So let’s dive in to the general outline of NetSuite. NetSuite is, at its core, an accounting software. There are many other great tools that have been added beyond just those used for accounting, but the basic structure is still that of an accounting software. What NetSuite keeps track of are records. There are three general record types: Item, Transaction, and Relationship. We’ll go through each of these in turn.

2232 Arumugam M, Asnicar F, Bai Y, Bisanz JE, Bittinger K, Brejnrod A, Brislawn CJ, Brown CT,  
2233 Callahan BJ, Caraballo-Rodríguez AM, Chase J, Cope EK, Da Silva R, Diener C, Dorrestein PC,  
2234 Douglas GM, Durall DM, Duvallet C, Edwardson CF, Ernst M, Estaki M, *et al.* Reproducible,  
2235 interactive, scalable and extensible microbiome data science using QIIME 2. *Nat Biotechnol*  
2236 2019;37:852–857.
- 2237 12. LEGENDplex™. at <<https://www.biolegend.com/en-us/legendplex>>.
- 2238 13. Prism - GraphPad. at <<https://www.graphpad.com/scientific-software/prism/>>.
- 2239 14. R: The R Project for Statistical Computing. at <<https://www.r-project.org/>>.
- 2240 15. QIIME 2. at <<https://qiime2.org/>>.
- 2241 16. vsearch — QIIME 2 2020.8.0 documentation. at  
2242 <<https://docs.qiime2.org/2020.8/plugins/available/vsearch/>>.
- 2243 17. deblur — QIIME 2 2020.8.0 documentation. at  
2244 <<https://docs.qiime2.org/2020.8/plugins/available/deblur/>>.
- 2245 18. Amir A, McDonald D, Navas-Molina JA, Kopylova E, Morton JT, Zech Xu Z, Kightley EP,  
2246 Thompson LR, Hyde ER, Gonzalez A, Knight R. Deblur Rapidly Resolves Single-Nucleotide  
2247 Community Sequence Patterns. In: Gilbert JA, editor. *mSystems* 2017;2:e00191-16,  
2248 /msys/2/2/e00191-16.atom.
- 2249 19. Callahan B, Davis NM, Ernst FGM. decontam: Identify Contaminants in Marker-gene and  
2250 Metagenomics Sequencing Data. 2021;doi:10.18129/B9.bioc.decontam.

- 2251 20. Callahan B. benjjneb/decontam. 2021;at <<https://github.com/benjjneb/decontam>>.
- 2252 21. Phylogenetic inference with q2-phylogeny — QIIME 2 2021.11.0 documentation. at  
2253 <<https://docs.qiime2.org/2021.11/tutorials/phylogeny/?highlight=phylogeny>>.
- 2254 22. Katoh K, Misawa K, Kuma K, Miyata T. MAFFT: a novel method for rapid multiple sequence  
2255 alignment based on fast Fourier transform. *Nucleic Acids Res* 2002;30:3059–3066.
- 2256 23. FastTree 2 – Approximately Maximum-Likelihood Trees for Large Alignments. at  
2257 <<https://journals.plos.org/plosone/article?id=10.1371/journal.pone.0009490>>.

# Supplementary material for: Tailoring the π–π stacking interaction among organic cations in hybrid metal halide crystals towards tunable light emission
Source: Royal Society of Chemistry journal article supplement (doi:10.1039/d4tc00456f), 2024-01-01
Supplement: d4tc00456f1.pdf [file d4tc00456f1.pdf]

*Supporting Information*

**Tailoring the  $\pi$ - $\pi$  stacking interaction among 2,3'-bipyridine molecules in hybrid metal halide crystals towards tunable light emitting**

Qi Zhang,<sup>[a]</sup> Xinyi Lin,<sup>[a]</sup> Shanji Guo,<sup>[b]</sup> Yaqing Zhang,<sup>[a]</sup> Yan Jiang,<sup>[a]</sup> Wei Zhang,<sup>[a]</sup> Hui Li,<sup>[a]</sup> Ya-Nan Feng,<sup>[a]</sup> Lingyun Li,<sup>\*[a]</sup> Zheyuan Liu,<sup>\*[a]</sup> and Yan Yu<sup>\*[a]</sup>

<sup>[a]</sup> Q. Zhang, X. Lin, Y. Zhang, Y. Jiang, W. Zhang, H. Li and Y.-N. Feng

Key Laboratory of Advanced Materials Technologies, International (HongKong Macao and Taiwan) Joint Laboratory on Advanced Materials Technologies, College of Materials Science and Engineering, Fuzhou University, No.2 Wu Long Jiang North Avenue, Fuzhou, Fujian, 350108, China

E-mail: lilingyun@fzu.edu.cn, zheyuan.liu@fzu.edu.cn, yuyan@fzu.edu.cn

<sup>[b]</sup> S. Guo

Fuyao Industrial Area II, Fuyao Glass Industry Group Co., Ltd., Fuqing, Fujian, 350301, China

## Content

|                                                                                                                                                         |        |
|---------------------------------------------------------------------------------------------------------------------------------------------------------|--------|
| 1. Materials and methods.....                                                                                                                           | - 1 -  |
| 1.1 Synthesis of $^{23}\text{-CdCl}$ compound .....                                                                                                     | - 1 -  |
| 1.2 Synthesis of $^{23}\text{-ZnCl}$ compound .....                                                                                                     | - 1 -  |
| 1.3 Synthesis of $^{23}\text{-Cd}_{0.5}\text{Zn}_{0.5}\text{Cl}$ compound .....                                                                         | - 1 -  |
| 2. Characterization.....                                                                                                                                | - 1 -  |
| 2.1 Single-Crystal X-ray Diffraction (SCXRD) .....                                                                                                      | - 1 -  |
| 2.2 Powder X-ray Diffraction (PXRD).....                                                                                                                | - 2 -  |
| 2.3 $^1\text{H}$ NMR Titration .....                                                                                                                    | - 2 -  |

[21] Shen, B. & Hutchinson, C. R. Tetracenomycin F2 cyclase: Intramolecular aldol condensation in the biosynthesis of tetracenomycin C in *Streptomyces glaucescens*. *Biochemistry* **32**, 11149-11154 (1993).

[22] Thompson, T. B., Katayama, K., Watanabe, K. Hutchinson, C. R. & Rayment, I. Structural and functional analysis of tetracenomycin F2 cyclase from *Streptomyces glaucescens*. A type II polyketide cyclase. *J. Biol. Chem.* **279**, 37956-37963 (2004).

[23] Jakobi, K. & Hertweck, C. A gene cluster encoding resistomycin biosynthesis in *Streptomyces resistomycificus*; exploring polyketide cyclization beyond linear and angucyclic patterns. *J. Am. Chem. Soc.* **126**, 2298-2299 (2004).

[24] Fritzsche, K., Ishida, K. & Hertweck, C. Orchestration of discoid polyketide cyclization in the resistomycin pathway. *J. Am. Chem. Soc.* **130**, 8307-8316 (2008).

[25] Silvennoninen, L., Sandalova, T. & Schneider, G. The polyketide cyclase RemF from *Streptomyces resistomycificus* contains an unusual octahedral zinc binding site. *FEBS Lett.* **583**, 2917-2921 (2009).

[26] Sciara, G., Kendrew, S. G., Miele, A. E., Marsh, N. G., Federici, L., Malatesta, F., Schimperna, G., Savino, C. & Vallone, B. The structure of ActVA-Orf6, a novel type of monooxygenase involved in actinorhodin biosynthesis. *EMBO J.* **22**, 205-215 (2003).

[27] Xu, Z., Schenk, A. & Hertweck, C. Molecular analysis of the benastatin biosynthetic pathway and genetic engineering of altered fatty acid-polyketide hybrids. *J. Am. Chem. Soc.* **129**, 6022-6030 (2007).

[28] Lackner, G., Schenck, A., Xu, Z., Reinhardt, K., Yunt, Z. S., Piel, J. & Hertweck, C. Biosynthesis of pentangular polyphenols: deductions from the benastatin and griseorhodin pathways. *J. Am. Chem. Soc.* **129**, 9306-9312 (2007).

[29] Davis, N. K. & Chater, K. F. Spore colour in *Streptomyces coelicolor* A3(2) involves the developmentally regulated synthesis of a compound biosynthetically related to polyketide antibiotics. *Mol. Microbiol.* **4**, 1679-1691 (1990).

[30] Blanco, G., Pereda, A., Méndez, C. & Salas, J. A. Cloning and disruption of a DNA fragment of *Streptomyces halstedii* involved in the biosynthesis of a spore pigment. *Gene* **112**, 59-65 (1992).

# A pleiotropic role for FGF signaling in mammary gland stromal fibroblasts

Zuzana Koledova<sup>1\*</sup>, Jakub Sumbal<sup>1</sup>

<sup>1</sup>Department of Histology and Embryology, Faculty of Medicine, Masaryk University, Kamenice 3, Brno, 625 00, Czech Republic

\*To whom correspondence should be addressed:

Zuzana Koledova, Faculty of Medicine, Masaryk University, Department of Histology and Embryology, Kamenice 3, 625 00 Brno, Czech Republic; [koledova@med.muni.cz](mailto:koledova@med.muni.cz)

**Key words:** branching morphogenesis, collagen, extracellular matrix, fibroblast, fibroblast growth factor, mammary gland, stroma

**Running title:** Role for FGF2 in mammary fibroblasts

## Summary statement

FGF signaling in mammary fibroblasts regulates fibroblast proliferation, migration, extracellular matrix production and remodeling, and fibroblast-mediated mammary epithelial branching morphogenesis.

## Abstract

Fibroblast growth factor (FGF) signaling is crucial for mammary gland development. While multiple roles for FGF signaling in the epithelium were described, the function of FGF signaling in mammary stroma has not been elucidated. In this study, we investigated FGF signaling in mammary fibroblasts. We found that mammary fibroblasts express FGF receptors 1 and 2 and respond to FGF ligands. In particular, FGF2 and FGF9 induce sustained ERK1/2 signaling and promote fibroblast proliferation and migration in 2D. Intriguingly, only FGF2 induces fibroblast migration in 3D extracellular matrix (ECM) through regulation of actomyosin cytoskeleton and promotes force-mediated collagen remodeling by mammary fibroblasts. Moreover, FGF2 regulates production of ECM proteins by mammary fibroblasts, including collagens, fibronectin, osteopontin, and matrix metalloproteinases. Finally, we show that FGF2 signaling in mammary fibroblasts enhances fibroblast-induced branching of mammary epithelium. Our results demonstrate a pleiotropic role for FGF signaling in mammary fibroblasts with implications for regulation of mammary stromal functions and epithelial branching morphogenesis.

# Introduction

Items and Inventory

Items are things you sell, things you assemble, parts of things you assemble, things you keep in stock, things you ship, things you buy, etc.

Suppose that I am a shelving manufacturer. I build and sell bookshelves and utility shelves. Most likely I will want to keep track of how many of each type of shelf I have available to sell. In NetSuite, the item record type would make a lot of sense here. If I make each of my categories of shelf an item, now I can track those items from assembly through warehouse inventory right through the sales order and the customer invoice. For instance, if I sell 10 varieties of shelves, I would enter 10 items into NetSuite.

Relationships between records